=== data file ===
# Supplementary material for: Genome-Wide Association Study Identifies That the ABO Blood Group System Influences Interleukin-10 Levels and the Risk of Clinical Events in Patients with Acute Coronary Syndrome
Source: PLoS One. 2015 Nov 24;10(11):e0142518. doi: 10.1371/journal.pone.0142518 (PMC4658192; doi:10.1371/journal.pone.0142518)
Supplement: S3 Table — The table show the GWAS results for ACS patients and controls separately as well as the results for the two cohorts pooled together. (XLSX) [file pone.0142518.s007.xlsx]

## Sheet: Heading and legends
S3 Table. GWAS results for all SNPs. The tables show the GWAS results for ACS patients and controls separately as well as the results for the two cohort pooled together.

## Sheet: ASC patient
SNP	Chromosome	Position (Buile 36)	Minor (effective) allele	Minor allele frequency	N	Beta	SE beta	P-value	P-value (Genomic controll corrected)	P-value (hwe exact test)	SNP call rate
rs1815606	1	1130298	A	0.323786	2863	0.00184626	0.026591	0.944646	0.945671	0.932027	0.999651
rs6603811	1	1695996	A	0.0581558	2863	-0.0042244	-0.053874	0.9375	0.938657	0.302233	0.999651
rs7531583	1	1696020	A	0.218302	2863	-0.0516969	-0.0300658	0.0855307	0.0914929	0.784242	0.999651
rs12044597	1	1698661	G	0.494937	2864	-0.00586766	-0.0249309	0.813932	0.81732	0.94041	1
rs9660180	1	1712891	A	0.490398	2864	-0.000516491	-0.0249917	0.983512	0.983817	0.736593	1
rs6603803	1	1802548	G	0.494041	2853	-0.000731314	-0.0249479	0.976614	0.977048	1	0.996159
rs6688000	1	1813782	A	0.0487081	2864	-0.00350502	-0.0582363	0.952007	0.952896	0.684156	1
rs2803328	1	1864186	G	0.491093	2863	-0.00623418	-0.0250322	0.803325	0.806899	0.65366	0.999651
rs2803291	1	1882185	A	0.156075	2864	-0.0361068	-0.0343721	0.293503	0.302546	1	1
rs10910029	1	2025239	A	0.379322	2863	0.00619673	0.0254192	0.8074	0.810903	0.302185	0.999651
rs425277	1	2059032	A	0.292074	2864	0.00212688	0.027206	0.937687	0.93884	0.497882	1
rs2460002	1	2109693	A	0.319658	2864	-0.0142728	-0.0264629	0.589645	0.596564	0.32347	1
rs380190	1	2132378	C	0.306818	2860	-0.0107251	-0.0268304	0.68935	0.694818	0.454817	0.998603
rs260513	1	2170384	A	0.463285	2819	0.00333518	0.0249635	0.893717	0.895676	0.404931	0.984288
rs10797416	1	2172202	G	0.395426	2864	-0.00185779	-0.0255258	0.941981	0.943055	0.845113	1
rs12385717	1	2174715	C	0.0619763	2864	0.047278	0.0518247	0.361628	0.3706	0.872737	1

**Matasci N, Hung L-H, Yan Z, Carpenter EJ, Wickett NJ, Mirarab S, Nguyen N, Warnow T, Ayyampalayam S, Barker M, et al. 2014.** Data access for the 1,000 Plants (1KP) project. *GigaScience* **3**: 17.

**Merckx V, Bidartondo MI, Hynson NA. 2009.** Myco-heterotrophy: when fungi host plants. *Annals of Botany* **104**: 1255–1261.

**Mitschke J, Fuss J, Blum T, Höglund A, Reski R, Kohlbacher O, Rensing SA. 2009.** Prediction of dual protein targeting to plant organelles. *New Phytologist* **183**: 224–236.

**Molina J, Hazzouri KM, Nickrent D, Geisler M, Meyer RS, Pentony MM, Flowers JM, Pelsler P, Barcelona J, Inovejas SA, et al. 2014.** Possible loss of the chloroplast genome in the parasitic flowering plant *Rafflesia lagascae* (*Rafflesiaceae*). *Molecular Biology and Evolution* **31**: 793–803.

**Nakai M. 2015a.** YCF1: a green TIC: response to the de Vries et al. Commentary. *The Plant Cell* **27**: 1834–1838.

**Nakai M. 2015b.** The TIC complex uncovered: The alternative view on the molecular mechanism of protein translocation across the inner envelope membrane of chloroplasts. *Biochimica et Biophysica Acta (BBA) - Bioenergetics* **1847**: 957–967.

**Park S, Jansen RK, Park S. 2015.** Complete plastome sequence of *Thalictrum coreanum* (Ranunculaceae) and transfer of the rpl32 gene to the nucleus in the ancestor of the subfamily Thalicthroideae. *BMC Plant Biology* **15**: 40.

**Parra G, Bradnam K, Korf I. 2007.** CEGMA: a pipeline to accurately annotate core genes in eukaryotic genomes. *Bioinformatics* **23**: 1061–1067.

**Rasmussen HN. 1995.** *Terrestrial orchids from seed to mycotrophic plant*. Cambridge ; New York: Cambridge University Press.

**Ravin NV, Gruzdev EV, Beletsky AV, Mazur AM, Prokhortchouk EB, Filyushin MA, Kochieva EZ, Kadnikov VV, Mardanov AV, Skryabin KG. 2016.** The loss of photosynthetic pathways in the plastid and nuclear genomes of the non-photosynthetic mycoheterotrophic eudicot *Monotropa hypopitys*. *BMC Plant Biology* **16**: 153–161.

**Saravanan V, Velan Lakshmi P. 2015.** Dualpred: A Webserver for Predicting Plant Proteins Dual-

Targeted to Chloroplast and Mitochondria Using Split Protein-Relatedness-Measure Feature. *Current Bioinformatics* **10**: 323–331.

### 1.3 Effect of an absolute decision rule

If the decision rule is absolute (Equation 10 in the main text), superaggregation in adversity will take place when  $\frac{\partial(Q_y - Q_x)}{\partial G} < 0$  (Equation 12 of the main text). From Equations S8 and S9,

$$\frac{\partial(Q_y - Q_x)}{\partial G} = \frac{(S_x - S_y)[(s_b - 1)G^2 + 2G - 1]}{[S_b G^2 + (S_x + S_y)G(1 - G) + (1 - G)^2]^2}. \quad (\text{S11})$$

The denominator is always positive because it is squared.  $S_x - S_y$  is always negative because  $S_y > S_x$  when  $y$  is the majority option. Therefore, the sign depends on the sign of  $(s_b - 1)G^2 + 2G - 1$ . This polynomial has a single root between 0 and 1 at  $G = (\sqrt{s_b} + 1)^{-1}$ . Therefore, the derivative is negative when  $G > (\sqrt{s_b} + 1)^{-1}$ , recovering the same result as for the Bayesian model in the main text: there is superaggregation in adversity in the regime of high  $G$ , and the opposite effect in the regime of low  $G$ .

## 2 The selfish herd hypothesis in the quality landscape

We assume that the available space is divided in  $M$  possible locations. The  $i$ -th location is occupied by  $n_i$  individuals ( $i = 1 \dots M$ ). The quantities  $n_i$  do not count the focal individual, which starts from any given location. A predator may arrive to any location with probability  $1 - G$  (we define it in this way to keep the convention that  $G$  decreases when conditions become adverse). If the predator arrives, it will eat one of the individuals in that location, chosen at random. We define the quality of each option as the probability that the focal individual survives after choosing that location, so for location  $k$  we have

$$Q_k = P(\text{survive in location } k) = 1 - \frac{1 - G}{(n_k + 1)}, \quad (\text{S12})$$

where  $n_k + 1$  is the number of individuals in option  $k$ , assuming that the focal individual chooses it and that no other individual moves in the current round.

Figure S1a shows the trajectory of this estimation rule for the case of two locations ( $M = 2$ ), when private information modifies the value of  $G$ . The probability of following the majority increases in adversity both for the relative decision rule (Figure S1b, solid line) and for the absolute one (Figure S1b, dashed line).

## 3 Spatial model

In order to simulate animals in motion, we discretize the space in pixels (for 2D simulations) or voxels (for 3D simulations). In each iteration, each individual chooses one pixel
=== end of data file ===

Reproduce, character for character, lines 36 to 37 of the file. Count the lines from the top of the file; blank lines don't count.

### 1.3 Effect of an absolute decision rule

If the decision rule is absolute (Equation 10 in the main text), superaggregation in adversity will take place when  $\frac{\partial(Q_y - Q_x)}{\partial G} < 0$  (Equation 12 of the main text). From Equations S8 and S9,